Warm Up Suit, Tracksuit, Athletic Suit, Gym Suit, or Sweat Suit?

I recently asked on Instagram what this suit would be called.  I got a total of five different answers which are in the title of this post. I was not just being curious. I actually had a reason for asking.

The illustration comes from a 1935 – 36 Lowe & Campbell Athletic Goods catalog. My aim was to see if people consider this to be a tracksuit. Judging from the answers I received, the answer is yes, this would be considered to be a tracksuit. But in my vintage catalog, it was referred to as a warm up suit.  Is there a difference? In my mind, no, there is not a difference. Both are two piece athletic suits designed to be worn over a smaller exercise ensemble, like trunks and a tee or tank top.

What got me onto this topic is an online course I’m taking through Coursesa, Fashion As Design. It was written as an accompaniment to the Items: Is Fashion Modern at the Museum of Modern Art in New York. I thought that the course would give me a bit of the museum experience, as it is unlikely that I’ll be in New York before the show closes in January.

For a person who loves thinking about fashion in a garment-based way, I’m really enjoying the experience. Much of the material concerns the origins of garments that we consider modern. But the course does a good job of pointing out that garments don’t just materialize. They have histories.

Which brings me to the tracksuit. According to the course, the tracksuit dates from 1939, but if you consider the suit above to be a tracksuit, then it is clearly at least four years older, and I suspect, even older that that. Maybe it is a case of terminology. Maybe 1939 was the first year the researchers found the term “tracksuit”.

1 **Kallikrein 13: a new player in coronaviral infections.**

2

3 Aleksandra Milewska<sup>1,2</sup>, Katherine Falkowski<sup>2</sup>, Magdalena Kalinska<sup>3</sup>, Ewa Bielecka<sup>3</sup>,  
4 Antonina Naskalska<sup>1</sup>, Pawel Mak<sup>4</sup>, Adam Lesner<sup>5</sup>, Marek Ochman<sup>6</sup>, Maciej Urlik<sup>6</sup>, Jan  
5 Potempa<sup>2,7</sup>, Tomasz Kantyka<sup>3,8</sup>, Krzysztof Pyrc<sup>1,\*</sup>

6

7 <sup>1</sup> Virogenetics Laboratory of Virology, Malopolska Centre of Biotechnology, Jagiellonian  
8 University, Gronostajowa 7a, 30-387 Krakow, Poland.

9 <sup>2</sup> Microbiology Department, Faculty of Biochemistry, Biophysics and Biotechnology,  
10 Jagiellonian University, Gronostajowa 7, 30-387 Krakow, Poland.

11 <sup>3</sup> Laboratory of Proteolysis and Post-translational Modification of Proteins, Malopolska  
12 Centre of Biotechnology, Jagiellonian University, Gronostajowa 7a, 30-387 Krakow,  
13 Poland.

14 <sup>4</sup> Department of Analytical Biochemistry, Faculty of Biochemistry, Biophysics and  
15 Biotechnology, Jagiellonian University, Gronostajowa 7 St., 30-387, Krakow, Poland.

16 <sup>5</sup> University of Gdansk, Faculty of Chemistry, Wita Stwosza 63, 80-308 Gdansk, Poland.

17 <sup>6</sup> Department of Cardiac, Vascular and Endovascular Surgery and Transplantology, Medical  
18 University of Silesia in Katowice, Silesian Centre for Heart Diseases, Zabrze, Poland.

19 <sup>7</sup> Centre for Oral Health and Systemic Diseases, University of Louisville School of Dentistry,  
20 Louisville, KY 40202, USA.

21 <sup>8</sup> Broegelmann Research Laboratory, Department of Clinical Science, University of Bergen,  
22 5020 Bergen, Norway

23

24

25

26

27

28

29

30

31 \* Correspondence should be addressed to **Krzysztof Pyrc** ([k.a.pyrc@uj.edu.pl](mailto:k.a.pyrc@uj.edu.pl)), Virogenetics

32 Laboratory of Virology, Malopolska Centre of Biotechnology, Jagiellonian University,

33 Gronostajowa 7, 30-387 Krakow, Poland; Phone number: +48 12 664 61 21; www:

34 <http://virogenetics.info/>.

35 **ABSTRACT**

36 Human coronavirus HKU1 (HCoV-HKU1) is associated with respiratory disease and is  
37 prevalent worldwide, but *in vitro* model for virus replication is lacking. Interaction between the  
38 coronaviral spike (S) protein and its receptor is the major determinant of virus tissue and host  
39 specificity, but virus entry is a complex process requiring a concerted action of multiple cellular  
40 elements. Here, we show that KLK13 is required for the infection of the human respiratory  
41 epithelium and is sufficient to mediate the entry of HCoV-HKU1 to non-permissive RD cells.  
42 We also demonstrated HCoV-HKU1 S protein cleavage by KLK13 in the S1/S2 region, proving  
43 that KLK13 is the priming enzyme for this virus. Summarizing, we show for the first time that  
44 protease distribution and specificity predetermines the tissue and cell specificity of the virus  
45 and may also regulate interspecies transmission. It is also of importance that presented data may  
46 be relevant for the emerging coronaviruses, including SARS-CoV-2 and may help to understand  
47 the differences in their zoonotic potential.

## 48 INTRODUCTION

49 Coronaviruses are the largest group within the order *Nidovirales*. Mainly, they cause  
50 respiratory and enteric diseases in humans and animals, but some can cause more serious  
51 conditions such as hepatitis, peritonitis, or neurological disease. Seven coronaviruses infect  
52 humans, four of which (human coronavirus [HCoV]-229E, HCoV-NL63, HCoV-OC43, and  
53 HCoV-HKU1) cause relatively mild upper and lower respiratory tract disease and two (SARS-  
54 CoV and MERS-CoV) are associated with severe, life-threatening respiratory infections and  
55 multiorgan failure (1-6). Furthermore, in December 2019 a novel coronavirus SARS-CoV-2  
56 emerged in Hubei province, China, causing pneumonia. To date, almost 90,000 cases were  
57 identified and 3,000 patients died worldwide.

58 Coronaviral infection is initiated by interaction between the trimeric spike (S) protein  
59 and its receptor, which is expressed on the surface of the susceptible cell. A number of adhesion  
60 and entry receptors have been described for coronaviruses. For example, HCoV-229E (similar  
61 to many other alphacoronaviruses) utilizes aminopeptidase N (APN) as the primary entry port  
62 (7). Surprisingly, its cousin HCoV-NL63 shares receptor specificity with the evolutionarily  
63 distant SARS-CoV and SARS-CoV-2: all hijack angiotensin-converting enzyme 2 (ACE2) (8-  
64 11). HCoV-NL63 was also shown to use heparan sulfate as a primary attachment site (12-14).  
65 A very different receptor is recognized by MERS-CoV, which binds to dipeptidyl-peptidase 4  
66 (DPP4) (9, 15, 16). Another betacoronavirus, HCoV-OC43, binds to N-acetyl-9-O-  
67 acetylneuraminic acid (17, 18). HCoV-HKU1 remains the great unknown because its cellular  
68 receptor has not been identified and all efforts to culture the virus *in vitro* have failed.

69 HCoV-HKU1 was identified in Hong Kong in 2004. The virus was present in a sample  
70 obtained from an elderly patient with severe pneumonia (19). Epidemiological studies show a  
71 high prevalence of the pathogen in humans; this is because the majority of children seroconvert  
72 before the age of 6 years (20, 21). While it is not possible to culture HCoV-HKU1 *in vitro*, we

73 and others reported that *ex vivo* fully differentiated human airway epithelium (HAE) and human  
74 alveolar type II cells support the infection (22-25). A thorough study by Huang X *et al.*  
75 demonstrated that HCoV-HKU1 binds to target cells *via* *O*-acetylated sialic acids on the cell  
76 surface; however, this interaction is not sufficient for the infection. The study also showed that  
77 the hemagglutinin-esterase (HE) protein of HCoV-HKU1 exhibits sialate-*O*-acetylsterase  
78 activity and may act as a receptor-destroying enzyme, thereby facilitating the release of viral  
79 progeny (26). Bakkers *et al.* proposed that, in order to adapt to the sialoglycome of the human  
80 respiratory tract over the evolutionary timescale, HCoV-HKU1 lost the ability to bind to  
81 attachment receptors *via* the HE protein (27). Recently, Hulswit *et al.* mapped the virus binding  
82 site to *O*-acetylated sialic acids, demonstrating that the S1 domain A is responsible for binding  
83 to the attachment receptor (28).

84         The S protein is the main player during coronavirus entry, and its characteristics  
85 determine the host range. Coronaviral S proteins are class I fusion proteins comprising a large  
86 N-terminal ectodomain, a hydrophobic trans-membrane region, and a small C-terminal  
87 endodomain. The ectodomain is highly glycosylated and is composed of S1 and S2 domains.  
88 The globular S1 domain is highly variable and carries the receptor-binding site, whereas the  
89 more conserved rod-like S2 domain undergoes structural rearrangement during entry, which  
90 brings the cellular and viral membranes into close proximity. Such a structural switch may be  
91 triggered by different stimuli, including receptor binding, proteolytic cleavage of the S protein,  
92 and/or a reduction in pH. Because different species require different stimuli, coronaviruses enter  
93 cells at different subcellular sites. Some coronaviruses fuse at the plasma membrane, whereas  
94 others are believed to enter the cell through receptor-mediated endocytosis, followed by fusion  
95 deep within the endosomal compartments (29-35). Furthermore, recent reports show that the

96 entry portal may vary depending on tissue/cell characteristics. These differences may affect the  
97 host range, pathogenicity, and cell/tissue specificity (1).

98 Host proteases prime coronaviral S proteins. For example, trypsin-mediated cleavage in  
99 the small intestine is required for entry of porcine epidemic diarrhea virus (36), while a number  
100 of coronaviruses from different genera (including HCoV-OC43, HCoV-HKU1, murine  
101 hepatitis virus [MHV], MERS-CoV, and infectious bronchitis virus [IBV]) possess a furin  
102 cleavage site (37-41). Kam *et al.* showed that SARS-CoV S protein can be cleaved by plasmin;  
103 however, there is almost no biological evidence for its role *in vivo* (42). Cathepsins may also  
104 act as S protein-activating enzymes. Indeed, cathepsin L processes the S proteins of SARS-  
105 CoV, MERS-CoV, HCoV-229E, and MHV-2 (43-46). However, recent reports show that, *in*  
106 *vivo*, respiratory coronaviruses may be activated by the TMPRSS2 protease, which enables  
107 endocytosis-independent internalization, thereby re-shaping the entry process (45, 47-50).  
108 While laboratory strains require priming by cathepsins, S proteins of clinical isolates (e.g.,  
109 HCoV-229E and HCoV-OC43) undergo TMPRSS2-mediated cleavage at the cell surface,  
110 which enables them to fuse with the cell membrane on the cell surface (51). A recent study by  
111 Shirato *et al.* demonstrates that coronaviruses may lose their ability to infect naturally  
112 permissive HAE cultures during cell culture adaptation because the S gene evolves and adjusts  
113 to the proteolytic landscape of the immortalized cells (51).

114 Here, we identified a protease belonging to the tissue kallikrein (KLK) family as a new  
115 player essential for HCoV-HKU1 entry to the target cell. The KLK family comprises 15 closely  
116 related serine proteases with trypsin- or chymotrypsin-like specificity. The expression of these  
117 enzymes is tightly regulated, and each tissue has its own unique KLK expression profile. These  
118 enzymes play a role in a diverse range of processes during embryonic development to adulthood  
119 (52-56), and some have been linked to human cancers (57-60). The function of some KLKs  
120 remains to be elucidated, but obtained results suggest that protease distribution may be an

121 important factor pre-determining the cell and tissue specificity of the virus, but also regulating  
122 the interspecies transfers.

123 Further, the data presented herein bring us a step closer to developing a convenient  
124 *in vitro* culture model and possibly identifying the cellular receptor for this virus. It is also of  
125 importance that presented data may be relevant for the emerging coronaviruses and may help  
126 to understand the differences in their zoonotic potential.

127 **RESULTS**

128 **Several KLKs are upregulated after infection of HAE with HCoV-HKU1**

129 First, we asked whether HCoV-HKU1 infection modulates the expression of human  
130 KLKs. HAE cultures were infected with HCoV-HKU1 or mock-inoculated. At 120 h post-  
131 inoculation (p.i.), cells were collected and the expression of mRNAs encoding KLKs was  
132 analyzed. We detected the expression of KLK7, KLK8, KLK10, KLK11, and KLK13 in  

I really hate being picky about this, but I can’t help but think this is how fashion myths get started. In two different places today I’ve encountered the myth that Chanel invented the “little black dress” in 1926. As much as I like preciseness, I’d rather have a vague dating reference than an incorrect one. An example is that the course gives the hoodie a vague date of the 1930s. I’ve been looking to find an earlier example, but so far I have not found any athletic wear with a hood before 1935. Of course, the hood itself goes back centuries.

Are there any names for this suit that we missed?

12 Comments

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12 responses to “Warm Up Suit, Tracksuit, Athletic Suit, Gym Suit, or Sweat Suit?

  1. Interesting. My first instinct was that this is a warm up suit. As one could definitely not do a track workout in it (I was a runner; material looks too rigid), I would not call it a tracksuit. As late as the early 2000s when I was competing we referred to similar as a warm up suit. Perhaps this is a question of location as I am not American.

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    • But of course in general a workout would be done in the shorts and singlet worn underneath.

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    • That’s interesting. So you are saying that a tracksuit and a warm up suit are not necessarily the same?

      Anyway, in the details of the catalog, these sets came in six different fabrics, including at least 2 that seem to be knits. And on another page, a man’s set of a sweat shirt and sweat pants was called a “training suit.”

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  2. Chris anderson

    Maybe I would call it athletic uniform. The design then was more of a uniform then a actual athletic garment.

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  3. The jodhpur styling on the pants of the EAST outfit leads me to think of warm up suits for equestrian warm up / work outs for daily use? However the EAST logo is a puzzle for that? Tennis warm up gear of that period had tennis jodhpur styling for ladies competitions.

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  4. Well, I am not a particularly sporty person, but I also don’t think a tracksuit and a warm up suit are the same things. To me, a track suit is something you would actually exercise in; a warm up suit is something you wear to stay warm between events (or at home in the winter.)

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  5. Hmm…I imagine a track suit would be made of thin, very flexible fabric that would allow easy movement. A warm up suit (or sweat suit) would be made of thicker fabric that had the goal of coziness and warmth. Sweat suits are commonly made of sweatshirt fabric, for example.

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